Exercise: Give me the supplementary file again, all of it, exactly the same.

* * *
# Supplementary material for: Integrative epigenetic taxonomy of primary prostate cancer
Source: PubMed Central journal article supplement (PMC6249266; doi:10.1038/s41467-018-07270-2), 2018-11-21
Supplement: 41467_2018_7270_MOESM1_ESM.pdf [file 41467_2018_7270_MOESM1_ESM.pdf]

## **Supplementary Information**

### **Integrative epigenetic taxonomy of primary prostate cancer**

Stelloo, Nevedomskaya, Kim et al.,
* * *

# Supplementary material for: Integrative epigenetic taxonomy of primary prostate cancer
Source: PubMed Central journal article supplement (PMC6249266; doi:10.1038/s41467-018-07270-2), 2018-11-21
Supplement: 41467_2018_7270_MOESM1_ESM.pdf [file 41467_2018_7270_MOESM1_ESM.pdf]

## **Supplementary Information**

### **Integrative epigenetic taxonomy of primary prostate cancer**

Stelloo, Nevedomskaya, Kim et al.,